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(The Mexican note was addressed to Mr. Lind and signed by Senor F. Gamboa, Secretary for Foreign Affairs. Its salient parts were:

The imputation that no progress has been made toward establishing a Government that may enjoy the obedience of the Mexican people is unfounded. In contradiction with their gross imputation, which is not supported by any proofs, principally because there are none, it affords me pleasure to refer, Mr. Confidential Agent, to the following facts which abound in evidence and which to a certain extent must be known to you by direct observation. The Mexican Republic, Mr. Confidential Agent, is formed by 27 States, 3 Territories, and 1 Federal District, in which the supreme power of the Republic has its seat. Of these 27 States, 18 of them, the 3 Territories, and the Federal District (making a total of 22 political entities) are under the absolute control of the present Government, which, aside from the above, exercises its authority over almost every port in the Republic and, consequently, over the custom houses therein established. Its southern frontier is open and at peace. Moreover, my Government has an army of 80,000 men in the field, with no other purpose than to insure complete peace in the Republic, the only national aspiration and solemn promise of the present provisional President. . .

Inasmuch as the Government of the United States is willing to act in the most disinterested friendship, it will be difficult for it to find a more propitious opportunity than the following: If it should only watch that no material and monetary assistance is given to rebels who find refuge, conspire, and provide themselves with arms and food on the other side of the border; if it should demand from its minor and local authorities the strictest observance of the neutrality laws, I assure you, Mr. Confidential Agent, that the complete pacification of this Republic would be accomplished within a relatively short time. . . .

His Excellency Mr. Wilson is laboring under a serious delusion when he declares that the present situation of Mexico is incompatible with the compliance of her international obligations and with the required maintenance of conditions tolerable in Central America. No charge has been made by any foreign Government accusing us of the above lack of compliance, we are punctually meeting all of our credits, we are still maintaining diplomatic missions cordially accepted in almost all the countries of the world. With regard to our interior development, a contract has just been signed with Belgian capitalists which means to Mexico the construction of something like 5,000 kilometers of railway. In conclusion, we fail to see the evil results, which are prejudicial only to ourselves, felt in Central America by our present domestic war. . . . With reference to the rebels who style themselves “Constitutionalists," one of the representatives of whom has been given an ear by Members of the United States Senate, what could

there be more gratifying to us than if, convinced of the precipice to which we are being dragged by the resentment of their defeat, in a moment of reaction they would depose their rancor and add their strength to ours so that all together we would undertake the great and urgent task of national reconstruction? Unfortunately they do not avail themselves of the amnesty law enacted by the provisional government. . . .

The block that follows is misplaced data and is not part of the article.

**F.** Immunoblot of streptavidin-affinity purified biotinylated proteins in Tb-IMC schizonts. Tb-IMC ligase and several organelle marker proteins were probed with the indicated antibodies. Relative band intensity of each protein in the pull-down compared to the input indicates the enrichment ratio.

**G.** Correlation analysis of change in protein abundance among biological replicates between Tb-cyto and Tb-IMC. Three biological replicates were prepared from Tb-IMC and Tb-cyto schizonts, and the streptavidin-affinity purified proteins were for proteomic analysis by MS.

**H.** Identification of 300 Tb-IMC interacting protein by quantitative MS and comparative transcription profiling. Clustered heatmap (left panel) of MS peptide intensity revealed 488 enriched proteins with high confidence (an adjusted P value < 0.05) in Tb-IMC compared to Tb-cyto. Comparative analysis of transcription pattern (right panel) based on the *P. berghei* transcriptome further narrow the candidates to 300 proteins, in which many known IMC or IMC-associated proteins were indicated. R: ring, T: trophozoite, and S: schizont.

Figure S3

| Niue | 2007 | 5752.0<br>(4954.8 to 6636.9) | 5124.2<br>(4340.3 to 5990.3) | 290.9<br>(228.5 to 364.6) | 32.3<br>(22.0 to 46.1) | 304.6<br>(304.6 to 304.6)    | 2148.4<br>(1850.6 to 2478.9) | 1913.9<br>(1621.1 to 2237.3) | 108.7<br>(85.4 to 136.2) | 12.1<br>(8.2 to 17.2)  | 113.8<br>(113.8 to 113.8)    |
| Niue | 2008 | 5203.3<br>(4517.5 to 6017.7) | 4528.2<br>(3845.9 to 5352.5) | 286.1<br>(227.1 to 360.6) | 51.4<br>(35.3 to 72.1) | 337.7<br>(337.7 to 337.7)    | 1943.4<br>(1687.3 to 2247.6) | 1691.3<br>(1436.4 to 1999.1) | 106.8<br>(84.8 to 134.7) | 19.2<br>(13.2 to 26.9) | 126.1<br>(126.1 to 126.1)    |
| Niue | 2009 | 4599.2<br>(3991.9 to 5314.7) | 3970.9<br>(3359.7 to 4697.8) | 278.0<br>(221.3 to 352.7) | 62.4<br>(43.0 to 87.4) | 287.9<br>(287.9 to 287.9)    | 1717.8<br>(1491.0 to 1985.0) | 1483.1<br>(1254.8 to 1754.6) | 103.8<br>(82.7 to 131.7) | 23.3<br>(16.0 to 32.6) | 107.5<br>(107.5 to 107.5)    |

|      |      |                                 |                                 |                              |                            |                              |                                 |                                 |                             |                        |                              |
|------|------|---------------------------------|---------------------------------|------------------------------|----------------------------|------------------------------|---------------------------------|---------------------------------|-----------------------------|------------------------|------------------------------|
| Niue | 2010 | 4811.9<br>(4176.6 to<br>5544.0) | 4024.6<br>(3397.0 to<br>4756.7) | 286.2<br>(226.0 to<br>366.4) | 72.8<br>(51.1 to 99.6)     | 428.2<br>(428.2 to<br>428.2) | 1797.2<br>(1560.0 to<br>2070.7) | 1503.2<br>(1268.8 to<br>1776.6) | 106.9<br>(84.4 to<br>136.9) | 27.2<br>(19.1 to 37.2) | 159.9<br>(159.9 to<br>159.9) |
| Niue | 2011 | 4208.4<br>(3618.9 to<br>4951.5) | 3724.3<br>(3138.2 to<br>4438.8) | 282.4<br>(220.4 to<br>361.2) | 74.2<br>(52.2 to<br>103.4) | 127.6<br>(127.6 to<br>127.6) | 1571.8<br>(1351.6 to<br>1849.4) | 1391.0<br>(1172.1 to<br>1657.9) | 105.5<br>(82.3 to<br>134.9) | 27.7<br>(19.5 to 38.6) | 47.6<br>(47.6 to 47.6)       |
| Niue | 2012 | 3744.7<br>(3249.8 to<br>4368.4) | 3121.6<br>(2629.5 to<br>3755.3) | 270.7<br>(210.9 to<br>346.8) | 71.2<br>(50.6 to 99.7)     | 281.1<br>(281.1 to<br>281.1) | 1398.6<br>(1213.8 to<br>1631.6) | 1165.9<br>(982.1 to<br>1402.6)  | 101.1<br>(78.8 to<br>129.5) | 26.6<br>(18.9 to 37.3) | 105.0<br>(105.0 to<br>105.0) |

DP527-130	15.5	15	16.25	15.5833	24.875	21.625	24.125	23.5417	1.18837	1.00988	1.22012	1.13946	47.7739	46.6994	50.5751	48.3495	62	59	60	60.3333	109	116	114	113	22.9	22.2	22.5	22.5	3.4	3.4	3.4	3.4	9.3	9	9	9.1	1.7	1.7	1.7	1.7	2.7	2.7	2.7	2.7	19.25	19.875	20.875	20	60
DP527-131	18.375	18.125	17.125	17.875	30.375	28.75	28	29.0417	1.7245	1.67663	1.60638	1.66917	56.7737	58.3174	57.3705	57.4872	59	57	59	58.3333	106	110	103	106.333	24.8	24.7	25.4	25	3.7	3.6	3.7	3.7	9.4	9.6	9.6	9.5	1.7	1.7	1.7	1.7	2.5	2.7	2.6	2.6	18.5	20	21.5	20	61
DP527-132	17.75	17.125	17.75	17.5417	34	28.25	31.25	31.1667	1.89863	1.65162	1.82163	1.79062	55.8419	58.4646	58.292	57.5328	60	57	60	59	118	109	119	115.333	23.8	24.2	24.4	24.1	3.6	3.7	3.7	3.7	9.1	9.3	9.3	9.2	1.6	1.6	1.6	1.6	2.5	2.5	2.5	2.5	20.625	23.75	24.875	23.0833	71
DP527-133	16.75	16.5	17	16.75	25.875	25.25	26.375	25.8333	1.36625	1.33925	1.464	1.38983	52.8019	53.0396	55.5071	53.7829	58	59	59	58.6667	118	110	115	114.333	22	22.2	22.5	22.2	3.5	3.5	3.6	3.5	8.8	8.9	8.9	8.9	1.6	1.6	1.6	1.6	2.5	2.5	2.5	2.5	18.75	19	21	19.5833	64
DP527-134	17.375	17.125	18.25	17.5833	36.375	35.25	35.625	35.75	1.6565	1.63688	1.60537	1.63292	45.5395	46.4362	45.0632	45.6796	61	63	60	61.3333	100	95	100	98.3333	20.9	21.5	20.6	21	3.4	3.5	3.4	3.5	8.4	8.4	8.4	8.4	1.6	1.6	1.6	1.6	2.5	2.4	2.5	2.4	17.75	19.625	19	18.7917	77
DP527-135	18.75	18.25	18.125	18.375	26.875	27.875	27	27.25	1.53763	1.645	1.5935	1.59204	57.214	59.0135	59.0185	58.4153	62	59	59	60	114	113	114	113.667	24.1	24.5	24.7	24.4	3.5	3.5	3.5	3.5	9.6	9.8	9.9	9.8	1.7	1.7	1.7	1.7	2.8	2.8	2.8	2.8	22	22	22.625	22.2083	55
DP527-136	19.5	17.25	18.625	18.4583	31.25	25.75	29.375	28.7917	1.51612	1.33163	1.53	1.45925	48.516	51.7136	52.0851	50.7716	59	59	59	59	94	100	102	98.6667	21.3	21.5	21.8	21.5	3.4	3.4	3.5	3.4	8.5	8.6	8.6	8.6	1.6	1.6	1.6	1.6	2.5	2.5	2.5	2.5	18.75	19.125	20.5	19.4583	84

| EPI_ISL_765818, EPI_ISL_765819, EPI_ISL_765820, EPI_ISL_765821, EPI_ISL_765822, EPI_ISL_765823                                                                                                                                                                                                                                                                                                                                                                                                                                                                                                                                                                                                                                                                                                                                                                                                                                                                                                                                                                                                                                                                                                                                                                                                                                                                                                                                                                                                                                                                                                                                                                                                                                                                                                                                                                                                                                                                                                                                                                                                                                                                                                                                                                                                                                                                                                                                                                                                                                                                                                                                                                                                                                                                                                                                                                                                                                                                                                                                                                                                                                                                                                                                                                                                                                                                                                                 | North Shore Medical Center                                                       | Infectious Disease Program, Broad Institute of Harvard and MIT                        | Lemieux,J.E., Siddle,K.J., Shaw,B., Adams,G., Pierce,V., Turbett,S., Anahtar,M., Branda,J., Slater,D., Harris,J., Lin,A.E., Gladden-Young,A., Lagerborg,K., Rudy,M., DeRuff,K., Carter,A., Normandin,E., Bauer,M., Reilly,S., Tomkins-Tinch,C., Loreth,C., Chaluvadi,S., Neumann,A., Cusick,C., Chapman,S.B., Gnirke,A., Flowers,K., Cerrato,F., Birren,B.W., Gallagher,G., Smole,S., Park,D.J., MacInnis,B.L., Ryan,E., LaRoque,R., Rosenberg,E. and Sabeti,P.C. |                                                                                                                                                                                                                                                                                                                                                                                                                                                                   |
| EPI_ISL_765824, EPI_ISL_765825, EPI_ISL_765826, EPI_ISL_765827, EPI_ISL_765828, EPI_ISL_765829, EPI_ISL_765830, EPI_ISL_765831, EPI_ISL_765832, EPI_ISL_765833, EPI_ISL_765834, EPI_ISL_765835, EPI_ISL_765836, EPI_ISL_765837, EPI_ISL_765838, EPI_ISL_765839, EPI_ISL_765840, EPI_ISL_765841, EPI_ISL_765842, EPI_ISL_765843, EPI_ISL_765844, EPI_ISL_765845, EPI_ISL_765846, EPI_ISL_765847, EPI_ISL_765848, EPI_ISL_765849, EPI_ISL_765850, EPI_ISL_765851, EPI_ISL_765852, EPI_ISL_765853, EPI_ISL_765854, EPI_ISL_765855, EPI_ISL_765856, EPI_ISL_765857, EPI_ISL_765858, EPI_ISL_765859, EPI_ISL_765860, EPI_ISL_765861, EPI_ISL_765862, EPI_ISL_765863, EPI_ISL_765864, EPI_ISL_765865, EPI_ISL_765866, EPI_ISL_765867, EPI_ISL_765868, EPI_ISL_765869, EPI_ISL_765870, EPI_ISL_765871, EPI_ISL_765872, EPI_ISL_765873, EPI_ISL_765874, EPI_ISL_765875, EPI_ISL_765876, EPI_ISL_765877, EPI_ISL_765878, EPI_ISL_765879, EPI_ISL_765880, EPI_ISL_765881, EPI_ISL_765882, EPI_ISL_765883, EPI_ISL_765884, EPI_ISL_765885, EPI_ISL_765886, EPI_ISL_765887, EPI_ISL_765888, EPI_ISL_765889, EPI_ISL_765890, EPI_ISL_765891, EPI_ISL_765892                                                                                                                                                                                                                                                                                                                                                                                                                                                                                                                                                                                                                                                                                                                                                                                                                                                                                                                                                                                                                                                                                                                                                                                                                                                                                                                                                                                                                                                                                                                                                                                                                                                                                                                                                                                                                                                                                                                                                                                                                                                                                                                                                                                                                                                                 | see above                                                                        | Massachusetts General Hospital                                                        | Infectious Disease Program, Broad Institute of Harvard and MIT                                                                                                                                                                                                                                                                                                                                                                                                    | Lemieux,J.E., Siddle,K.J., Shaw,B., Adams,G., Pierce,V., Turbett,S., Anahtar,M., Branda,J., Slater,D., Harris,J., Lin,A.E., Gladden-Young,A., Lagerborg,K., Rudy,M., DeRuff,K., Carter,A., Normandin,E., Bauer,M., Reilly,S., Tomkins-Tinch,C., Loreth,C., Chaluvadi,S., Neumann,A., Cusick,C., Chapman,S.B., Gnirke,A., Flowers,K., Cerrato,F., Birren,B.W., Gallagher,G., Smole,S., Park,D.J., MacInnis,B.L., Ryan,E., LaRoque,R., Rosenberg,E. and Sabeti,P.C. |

The request that General Victoriano Huerta should agree not to appear as a candidate for the Presidency of the Republic in the coming election cannot be taken into consideration, because, aside from its strange and unwarranted character, there is a risk that the same might be interpreted as a matter of personal dislike. . . . The legality of the government of General Huerta cannot be disputed. Article 85 of our political constitution provides:

If at the beginning of a constitutional term neither the President nor the Vice-President elected present themselves, the President whose term has expired will cease in his functions, and the secretary for foreign affairs shall immediately take charge of the Executive power in the capacity of provisional President; and if there should be no secretary for foreign affairs, the Presidency shall devolve on one of the other secretaries pursuant to the order provided by the law.

Now, then, the facts which occurred are the following: The resignation of Francisco I. Madero, constitutional President, and Jose Maria Pino Suarez, constitutional Vice-President of the Republic. These resignations having been accepted, Pedro Lascurain, Minister for Foreign Affairs, took charge by law of the vacant executive power, appointing, as he had the power to do, Gen. Victoriano Huerta to the post of Minister of the Interior. As Mr. Lascurain soon afterwards resigned, and as his resignation was immediately accepted by Congress, Gen. Victoriano Huerta took charge of the executive power, also by operation of law, with the provisional character and under the constitutional promise already complied with to issue a call for special elections. As will be seen, the point of issue is exclusively one of constitutional law in which no foreign nation, no matter how powerful and respectable it may be, should mediate in the least. . . .

With reference to the final part of the instructions of President Wilson, which I beg to include herewith and say, "If Mexico can suggest any better way in which to show our friendship, serve the people of Mexico, and meet our international obligations, we are more than willing to consider the suggestion," that final part causes me to propose the following equally decorous arrangement: One, that our ambassador be received in Washington; two, that the United States of America send us a new ambassador without previous conditions. And all this threatening and distressing situation will have